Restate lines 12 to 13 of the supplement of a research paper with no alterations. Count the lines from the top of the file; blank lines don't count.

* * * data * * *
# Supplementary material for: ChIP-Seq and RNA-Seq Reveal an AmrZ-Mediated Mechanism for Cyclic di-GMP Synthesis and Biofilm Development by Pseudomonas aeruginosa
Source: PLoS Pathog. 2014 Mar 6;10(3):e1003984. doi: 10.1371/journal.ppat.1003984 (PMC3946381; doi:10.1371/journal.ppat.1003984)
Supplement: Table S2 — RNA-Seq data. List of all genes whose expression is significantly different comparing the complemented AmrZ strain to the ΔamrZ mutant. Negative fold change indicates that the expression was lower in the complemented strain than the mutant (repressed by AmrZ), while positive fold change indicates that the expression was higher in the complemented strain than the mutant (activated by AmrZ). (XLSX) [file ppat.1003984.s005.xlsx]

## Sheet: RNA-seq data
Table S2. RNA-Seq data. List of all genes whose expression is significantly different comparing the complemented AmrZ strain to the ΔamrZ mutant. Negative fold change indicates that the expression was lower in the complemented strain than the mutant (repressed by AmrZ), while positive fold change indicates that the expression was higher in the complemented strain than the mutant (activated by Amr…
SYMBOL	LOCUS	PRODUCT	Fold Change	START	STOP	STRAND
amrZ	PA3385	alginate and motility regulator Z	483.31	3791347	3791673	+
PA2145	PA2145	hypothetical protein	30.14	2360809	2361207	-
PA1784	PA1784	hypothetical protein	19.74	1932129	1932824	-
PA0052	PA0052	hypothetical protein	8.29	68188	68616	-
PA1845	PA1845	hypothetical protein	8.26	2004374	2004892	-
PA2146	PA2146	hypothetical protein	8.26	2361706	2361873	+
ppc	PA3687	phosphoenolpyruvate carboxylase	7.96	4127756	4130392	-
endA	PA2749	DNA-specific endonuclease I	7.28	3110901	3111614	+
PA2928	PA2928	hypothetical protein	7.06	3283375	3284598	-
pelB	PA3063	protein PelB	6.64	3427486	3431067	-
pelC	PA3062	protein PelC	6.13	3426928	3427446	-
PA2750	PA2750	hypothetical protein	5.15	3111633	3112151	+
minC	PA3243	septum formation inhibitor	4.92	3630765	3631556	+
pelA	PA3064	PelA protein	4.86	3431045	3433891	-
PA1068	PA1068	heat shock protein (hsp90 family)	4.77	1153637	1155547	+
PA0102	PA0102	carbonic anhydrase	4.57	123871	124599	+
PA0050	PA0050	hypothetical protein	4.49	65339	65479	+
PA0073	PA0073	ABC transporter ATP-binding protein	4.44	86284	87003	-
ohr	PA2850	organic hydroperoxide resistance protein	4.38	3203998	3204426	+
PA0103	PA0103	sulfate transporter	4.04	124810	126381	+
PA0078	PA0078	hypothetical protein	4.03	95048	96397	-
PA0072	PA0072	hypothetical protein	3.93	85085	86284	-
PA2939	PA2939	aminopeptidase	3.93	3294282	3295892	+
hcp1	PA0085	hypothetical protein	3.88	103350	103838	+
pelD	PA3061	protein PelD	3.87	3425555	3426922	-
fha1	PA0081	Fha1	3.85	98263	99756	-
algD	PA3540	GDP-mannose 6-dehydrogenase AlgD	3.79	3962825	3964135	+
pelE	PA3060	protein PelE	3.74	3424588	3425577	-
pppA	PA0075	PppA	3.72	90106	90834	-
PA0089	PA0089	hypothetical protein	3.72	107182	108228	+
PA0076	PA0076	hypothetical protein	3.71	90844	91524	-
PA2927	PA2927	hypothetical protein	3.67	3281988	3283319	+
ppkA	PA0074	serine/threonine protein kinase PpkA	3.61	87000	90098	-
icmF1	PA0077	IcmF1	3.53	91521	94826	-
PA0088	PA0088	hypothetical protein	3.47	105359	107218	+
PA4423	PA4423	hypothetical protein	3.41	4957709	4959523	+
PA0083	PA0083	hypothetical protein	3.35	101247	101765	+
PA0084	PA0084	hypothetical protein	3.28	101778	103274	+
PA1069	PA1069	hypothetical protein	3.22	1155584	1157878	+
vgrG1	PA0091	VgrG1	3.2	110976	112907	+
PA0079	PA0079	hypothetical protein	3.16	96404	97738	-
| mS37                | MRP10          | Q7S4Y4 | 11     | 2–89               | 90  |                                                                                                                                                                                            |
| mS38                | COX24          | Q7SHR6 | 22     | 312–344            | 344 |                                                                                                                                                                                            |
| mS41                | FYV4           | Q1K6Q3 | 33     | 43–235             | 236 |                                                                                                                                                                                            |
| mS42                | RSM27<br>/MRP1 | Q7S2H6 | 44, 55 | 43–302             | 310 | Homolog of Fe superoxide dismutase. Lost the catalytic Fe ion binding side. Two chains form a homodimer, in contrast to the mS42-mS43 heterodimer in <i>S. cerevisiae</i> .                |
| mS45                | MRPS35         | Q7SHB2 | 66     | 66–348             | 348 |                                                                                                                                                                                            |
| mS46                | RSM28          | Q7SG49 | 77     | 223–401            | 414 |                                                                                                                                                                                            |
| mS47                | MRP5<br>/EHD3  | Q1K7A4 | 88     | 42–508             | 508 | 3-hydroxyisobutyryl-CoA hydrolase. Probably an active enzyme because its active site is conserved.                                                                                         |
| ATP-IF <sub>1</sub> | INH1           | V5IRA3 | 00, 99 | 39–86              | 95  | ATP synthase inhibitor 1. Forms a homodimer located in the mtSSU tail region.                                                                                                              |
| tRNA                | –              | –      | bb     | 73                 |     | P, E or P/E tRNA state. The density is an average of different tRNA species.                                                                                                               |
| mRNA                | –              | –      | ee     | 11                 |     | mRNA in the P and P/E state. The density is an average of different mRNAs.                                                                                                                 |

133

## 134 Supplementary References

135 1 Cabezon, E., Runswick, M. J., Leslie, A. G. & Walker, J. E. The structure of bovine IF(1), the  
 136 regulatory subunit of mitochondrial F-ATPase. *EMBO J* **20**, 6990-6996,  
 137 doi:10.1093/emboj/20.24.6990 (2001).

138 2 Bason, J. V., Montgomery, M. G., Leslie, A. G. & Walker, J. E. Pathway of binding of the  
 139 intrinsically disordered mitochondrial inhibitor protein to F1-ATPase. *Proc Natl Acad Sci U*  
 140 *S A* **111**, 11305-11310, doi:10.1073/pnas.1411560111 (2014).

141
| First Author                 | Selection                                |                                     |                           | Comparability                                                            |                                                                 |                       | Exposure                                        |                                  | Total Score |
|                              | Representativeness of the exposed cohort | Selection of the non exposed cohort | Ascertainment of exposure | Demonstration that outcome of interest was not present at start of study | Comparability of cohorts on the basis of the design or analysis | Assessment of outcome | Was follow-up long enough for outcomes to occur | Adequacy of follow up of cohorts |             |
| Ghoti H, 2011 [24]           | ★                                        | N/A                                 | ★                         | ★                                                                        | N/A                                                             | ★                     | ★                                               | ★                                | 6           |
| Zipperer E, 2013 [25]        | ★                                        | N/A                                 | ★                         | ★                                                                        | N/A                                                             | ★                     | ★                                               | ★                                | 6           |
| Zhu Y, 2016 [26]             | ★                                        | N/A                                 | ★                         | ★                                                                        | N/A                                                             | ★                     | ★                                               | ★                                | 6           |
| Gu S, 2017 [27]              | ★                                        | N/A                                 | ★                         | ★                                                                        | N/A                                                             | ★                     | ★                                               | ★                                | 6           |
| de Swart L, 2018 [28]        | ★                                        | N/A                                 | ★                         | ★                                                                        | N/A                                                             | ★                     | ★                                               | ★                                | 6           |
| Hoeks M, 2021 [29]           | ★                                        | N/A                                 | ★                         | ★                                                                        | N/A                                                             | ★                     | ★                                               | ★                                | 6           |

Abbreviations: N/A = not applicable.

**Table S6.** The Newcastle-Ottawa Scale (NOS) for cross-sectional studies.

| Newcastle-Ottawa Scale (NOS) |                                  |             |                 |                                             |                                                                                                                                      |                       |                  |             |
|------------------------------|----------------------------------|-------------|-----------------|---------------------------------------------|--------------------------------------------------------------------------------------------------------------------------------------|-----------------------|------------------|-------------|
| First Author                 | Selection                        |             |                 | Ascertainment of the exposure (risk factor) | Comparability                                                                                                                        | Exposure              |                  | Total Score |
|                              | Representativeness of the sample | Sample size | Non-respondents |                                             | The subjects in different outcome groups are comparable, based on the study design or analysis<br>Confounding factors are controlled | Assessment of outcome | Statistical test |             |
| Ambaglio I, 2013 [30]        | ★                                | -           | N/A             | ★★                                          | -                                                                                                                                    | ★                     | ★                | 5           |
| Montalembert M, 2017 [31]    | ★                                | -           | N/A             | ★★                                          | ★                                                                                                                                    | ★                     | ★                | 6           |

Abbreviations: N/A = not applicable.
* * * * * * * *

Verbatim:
PA2146	PA2146	hypothetical protein	8.26	2361706	2361873	+
ppc	PA3687	phosphoenolpyruvate carboxylase	7.96	4127756	4130392	-